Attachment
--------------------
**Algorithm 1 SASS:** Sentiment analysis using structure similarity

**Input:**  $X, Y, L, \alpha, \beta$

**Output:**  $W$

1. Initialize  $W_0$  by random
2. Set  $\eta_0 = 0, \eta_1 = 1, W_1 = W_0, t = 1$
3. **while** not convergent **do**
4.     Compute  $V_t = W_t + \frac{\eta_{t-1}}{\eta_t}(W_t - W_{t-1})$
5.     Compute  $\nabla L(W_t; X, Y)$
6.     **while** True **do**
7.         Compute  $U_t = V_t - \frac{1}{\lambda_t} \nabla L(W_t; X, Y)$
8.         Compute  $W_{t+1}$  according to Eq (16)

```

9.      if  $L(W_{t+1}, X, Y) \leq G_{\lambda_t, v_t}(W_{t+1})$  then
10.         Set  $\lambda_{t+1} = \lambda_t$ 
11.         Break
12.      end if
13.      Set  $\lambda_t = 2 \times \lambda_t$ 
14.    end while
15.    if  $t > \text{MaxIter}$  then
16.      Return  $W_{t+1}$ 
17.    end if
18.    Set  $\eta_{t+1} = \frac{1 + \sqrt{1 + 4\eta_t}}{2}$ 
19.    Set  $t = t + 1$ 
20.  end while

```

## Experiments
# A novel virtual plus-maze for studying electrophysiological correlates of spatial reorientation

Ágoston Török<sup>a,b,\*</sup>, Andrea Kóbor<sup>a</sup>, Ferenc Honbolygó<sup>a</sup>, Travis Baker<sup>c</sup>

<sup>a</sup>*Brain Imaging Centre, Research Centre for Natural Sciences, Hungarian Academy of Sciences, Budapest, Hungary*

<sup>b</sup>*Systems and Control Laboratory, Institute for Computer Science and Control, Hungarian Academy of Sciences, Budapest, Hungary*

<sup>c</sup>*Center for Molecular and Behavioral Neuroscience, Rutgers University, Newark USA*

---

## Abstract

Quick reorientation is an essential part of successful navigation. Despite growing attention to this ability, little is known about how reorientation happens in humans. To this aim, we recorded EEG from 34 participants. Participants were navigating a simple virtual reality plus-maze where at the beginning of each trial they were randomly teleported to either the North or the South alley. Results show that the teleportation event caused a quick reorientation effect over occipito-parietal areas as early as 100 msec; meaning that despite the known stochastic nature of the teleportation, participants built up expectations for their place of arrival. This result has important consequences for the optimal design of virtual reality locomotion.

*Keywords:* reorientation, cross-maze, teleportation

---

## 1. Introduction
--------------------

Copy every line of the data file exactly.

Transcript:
**Algorithm 1 SASS:** Sentiment analysis using structure similarity

**Input:**  $X, Y, L, \alpha, \beta$

**Output:**  $W$

1. Initialize  $W_0$  by random
2. Set  $\eta_0 = 0, \eta_1 = 1, W_1 = W_0, t = 1$
3. **while** not convergent **do**
4.     Compute  $V_t = W_t + \frac{\eta_{t-1}}{\eta_t}(W_t - W_{t-1})$
5.     Compute  $\nabla L(W_t; X, Y)$
6.     **while** True **do**
7.         Compute  $U_t = V_t - \frac{1}{\lambda_t} \nabla L(W_t; X, Y)$
8.         Compute  $W_{t+1}$  according to Eq (16)

```

9.      if  $L(W_{t+1}, X, Y) \leq G_{\lambda_t, v_t}(W_{t+1})$  then
10.         Set  $\lambda_{t+1} = \lambda_t$ 
11.         Break
12.      end if
13.      Set  $\lambda_t = 2 \times \lambda_t$ 
14.    end while
15.    if  $t > \text{MaxIter}$  then
16.      Return  $W_{t+1}$ 
17.    end if
18.    Set  $\eta_{t+1} = \frac{1 + \sqrt{1 + 4\eta_t}}{2}$ 
19.    Set  $t = t + 1$ 
20.  end while

```

## Experiments
# A novel virtual plus-maze for studying electrophysiological correlates of spatial reorientation

Ágoston Török<sup>a,b,\*</sup>, Andrea Kóbor<sup>a</sup>, Ferenc Honbolygó<sup>a</sup>, Travis Baker<sup>c</sup>

<sup>a</sup>*Brain Imaging Centre, Research Centre for Natural Sciences, Hungarian Academy of Sciences, Budapest, Hungary*

<sup>b</sup>*Systems and Control Laboratory, Institute for Computer Science and Control, Hungarian Academy of Sciences, Budapest, Hungary*

<sup>c</sup>*Center for Molecular and Behavioral Neuroscience, Rutgers University, Newark USA*

---

## Abstract

Quick reorientation is an essential part of successful navigation. Despite growing attention to this ability, little is known about how reorientation happens in humans. To this aim, we recorded EEG from 34 participants. Participants were navigating a simple virtual reality plus-maze where at the beginning of each trial they were randomly teleported to either the North or the South alley. Results show that the teleportation event caused a quick reorientation effect over occipito-parietal areas as early as 100 msec; meaning that despite the known stochastic nature of the teleportation, participants built up expectations for their place of arrival. This result has important consequences for the optimal design of virtual reality locomotion.

*Keywords:* reorientation, cross-maze, teleportation

---

## 1. Introduction